I wasn’t used to speaking my mind so freely; I wasn’t sure how to do so, and the impostor syndrome made it even harder.

Being “more vocal” was listed as an area of improvement in my first performance review at Dropbox. My manager shared that our team could have been more aligned if my energy had been higher in the room. To become a better collaborator, I decided to try the least-prescriptive method available—improvisation classes.

By doing improv exercises and studying improv frameworks, I learned to be more comfortable with being in the spotlight. I became more adaptable and much more vocal when it came to discussions with cross-functional stakeholders. I just felt more comfortable being my full self at work and voicing my opinions—which helped our team collaborate and made the work better.

Flash-forward six months. With several months of improv training under my belt, there was a significant improvement from my previous performance review. In this feedback cycle, my high energy and collaborative approach to cross-functional partnerships were noted as strengths in my peer feedback. Leaning into improv helped me turn a learning opportunity into a newfound strength.

If you’re looking for ways to improve how you collaborate, ways to be bolder, or ways to be more creative, then this is the article for you. I’d love to share the lessons I learned from improv that helped me improve my design career.

Build team dialogue by making inviting and contextual statements

In improv, there is no script. The actors and actresses need to work together to build context as they go. The more context they give each other, the easier it is to create a scene. For example, an actor might say, “Wow! I can’t believe we’re here for our sister’s wedding at this beach in Hawaii!” It’s now clear to the other actor or actress what the scene’s purpose is without them having to guess. This makes it easier for the other person to dive deeper into the context that has been established. This is an example of a strong “offer,” which is the building block of interactions between two or more people. Offers can be given or received, and they can be in the form of gestures or verbal statements.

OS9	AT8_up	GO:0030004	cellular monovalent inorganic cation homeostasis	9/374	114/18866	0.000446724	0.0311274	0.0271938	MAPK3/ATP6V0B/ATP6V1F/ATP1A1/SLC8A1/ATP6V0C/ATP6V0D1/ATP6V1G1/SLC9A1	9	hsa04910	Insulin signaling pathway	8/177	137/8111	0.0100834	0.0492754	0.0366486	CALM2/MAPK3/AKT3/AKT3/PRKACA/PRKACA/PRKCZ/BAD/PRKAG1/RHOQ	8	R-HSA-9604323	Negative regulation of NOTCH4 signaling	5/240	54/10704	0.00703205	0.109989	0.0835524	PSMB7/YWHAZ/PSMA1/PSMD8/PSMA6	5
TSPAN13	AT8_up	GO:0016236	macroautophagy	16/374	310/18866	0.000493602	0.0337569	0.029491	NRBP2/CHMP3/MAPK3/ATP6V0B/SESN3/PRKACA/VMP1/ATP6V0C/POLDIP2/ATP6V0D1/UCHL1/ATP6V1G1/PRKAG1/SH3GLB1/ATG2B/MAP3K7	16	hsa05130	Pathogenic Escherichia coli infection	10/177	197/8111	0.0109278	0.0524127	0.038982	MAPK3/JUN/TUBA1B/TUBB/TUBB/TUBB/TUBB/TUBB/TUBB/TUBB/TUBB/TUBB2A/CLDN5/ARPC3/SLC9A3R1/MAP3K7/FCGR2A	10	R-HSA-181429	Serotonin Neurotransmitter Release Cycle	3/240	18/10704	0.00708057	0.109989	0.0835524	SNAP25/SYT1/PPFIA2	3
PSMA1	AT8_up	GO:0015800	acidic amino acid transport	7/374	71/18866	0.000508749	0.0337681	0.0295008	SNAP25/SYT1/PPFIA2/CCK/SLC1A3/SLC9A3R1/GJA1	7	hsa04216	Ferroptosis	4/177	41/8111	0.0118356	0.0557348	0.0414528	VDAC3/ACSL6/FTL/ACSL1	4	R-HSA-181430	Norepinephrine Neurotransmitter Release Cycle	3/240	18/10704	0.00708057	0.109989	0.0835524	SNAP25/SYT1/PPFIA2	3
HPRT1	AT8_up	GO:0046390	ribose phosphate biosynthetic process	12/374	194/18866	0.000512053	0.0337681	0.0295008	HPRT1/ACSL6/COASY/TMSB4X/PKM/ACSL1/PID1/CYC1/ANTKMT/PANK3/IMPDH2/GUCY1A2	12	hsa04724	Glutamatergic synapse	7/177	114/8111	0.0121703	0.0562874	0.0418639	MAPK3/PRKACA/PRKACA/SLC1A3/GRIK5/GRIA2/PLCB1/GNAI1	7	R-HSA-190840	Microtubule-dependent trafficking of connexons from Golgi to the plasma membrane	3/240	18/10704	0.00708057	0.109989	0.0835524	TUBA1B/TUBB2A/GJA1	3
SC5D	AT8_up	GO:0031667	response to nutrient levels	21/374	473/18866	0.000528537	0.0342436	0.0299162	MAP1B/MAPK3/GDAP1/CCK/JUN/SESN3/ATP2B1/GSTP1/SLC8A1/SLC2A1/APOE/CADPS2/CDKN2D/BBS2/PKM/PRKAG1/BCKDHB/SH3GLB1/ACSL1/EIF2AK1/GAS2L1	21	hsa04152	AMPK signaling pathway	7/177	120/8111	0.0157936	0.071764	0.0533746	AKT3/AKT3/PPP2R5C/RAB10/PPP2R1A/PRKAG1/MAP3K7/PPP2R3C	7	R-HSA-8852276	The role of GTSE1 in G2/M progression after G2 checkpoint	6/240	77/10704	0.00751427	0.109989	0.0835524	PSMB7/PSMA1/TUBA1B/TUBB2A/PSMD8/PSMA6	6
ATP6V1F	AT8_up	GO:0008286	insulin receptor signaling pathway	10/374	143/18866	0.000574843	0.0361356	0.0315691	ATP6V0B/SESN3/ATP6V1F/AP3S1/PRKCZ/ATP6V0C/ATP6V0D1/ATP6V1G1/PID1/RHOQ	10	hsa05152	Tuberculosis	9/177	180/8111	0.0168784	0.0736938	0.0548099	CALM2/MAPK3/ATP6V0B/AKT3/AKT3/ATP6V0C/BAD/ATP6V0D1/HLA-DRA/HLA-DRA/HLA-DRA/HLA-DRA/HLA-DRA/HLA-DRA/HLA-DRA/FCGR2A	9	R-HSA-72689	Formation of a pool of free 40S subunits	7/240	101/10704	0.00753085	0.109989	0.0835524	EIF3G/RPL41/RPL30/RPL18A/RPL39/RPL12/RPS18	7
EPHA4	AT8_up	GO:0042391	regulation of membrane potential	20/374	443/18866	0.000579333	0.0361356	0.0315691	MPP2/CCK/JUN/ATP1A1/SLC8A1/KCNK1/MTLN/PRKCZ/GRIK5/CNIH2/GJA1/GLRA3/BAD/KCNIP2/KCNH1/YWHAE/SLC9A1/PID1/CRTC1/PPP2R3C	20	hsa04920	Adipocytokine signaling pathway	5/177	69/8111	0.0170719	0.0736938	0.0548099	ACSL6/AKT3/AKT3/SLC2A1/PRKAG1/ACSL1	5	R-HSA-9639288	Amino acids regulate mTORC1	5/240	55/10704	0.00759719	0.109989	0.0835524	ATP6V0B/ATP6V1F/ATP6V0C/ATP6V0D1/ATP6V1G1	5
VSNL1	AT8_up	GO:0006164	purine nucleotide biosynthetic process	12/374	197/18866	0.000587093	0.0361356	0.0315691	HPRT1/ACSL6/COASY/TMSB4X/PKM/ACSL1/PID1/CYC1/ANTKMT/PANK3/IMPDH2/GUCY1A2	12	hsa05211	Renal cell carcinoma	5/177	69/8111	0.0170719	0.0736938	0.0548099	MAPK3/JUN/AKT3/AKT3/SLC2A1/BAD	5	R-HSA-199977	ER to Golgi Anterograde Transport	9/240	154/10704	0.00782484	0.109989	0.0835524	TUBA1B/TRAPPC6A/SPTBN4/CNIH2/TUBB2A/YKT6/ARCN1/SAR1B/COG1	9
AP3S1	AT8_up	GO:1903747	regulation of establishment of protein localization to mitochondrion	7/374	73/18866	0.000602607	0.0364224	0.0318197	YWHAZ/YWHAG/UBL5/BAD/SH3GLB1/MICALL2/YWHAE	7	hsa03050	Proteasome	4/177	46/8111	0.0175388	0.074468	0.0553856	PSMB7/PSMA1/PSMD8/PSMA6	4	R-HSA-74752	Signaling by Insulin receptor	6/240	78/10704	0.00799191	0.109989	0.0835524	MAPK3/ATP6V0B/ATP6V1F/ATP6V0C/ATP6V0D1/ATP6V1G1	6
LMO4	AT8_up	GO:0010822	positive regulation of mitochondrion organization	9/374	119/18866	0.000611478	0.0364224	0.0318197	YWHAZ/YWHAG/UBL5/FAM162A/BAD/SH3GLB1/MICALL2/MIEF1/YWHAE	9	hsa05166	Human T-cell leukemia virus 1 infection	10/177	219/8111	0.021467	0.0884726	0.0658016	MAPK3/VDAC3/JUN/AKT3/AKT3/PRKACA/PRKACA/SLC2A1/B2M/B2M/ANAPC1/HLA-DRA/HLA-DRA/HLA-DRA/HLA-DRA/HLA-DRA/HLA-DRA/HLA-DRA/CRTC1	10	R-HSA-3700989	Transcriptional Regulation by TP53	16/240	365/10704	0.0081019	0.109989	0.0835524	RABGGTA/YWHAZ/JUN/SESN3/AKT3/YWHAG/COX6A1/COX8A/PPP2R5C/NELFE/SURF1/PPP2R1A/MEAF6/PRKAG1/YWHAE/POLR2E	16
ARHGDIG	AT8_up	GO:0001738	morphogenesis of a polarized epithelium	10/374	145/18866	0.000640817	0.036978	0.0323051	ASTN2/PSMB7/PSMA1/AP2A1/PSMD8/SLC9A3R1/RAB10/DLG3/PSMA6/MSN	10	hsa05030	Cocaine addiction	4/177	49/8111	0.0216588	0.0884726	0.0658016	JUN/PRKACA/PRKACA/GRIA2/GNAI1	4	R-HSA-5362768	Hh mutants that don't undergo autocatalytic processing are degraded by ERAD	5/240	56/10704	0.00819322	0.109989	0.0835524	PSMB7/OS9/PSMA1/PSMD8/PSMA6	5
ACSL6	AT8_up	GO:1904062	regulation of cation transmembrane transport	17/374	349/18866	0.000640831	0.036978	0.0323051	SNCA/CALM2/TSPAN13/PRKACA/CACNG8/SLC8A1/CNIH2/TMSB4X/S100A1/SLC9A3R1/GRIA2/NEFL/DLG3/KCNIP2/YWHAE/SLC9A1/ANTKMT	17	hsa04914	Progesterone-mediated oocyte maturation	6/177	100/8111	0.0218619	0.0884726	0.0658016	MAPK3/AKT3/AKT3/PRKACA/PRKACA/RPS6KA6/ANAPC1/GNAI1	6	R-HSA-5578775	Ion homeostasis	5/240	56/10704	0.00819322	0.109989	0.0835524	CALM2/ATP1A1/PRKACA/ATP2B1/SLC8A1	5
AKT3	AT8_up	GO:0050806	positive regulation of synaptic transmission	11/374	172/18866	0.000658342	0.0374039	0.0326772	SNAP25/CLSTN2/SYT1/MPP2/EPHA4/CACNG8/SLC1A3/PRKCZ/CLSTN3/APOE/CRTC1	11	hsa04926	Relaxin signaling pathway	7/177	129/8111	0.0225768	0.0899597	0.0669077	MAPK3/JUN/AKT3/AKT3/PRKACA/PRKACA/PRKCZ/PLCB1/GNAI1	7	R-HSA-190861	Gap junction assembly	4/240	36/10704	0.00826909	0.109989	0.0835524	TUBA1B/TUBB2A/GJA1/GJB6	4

Similar to improv, there is no script between you and your cross-functional partners at work. You both need to work together to create dialogue to uncover context, seek out edge cases, or align on user and business problems. The more quickly you can provide well-rounded context, the faster you can create quality dialogue between you and your partners.

For example, if your product manager requests that you improve a commenting workflow so that more comments can be created, you should take it as a signal to dig deeper, rather than agree right away. Maybe ask what is the greater problem they are trying to solve for and have they looked at other impacted metrics. Solving for the commenting flow might not be the priority that improves user retention for a set of users, if that’s the business goal; it might be something else. Getting the dialogue going will help you figure out if you’re solving the right set of problems.

You’ll find that the more dialogue you have with your partners, the more confident you’ll become because you’re sharing more. You are uncovering more evidence. You are building more context. You’ll be able to defend your points of view.

You won’t always agree with your peers, but there’s a way to make it feel like the script is moving forward rather than backward or stalling out.

Build the energy by sparking positivity